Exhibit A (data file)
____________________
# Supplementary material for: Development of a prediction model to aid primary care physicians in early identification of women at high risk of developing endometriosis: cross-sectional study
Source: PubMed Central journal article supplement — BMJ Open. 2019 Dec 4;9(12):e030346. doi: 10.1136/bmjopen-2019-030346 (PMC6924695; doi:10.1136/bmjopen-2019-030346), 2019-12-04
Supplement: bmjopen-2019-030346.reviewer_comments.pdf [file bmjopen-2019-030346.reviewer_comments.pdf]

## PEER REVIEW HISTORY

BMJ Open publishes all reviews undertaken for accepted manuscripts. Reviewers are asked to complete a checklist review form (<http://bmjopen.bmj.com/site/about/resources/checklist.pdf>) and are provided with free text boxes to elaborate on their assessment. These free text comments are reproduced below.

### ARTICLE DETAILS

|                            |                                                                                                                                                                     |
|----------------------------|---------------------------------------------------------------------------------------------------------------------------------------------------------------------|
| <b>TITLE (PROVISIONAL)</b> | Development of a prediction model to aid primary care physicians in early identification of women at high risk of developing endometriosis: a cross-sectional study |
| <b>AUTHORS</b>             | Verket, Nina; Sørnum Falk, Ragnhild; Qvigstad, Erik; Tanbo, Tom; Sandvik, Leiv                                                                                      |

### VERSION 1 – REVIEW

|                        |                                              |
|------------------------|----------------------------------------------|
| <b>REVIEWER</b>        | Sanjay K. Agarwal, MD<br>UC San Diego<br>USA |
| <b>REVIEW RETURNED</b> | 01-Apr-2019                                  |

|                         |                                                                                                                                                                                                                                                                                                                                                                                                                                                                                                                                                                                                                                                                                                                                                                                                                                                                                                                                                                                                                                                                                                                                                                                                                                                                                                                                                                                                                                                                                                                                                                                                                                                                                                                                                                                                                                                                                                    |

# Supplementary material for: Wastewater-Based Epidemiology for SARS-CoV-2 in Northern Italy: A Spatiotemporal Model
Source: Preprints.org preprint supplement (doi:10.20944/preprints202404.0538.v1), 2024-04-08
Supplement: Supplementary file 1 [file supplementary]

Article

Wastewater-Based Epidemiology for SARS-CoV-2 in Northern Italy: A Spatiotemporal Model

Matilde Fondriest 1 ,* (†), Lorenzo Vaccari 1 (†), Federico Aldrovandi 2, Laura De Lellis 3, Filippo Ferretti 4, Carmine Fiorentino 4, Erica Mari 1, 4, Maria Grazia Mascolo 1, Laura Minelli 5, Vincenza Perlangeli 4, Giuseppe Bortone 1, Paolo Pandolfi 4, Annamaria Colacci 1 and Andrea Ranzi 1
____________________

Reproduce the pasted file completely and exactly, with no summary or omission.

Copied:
# Supplementary material for: Development of a prediction model to aid primary care physicians in early identification of women at high risk of developing endometriosis: cross-sectional study
Source: PubMed Central journal article supplement — BMJ Open. 2019 Dec 4;9(12):e030346. doi: 10.1136/bmjopen-2019-030346 (PMC6924695; doi:10.1136/bmjopen-2019-030346), 2019-12-04
Supplement: bmjopen-2019-030346.reviewer_comments.pdf [file bmjopen-2019-030346.reviewer_comments.pdf]

## PEER REVIEW HISTORY

BMJ Open publishes all reviews undertaken for accepted manuscripts. Reviewers are asked to complete a checklist review form (<http://bmjopen.bmj.com/site/about/resources/checklist.pdf>) and are provided with free text boxes to elaborate on their assessment. These free text comments are reproduced below.

### ARTICLE DETAILS

|                            |                                                                                                                                                                     |
|----------------------------|---------------------------------------------------------------------------------------------------------------------------------------------------------------------|
| <b>TITLE (PROVISIONAL)</b> | Development of a prediction model to aid primary care physicians in early identification of women at high risk of developing endometriosis: a cross-sectional study |
| <b>AUTHORS</b>             | Verket, Nina; Sørnum Falk, Ragnhild; Qvigstad, Erik; Tanbo, Tom; Sandvik, Leiv                                                                                      |

### VERSION 1 – REVIEW

|                        |                                              |
|------------------------|----------------------------------------------|
| <b>REVIEWER</b>        | Sanjay K. Agarwal, MD<br>UC San Diego<br>USA |
| <b>REVIEW RETURNED</b> | 01-Apr-2019                                  |

|                         |                                                                                                                                                                                                                                                                                                                                                                                                                                                                                                                                                                                                                                                                                                                                                                                                                                                                                                                                                                                                                                                                                                                                                                                                                                                                                                                                                                                                                                                                                                                                                                                                                                                                                                                                                                                                                                                                                                    |

# Supplementary material for: Wastewater-Based Epidemiology for SARS-CoV-2 in Northern Italy: A Spatiotemporal Model
Source: Preprints.org preprint supplement (doi:10.20944/preprints202404.0538.v1), 2024-04-08
Supplement: Supplementary file 1 [file supplementary]

Article

Wastewater-Based Epidemiology for SARS-CoV-2 in Northern Italy: A Spatiotemporal Model

Matilde Fondriest 1 ,* (†), Lorenzo Vaccari 1 (†), Federico Aldrovandi 2, Laura De Lellis 3, Filippo Ferretti 4, Carmine Fiorentino 4, Erica Mari 1, 4, Maria Grazia Mascolo 1, Laura Minelli 5, Vincenza Perlangeli 4, Giuseppe Bortone 1, Paolo Pandolfi 4, Annamaria Colacci 1 and Andrea Ranzi 1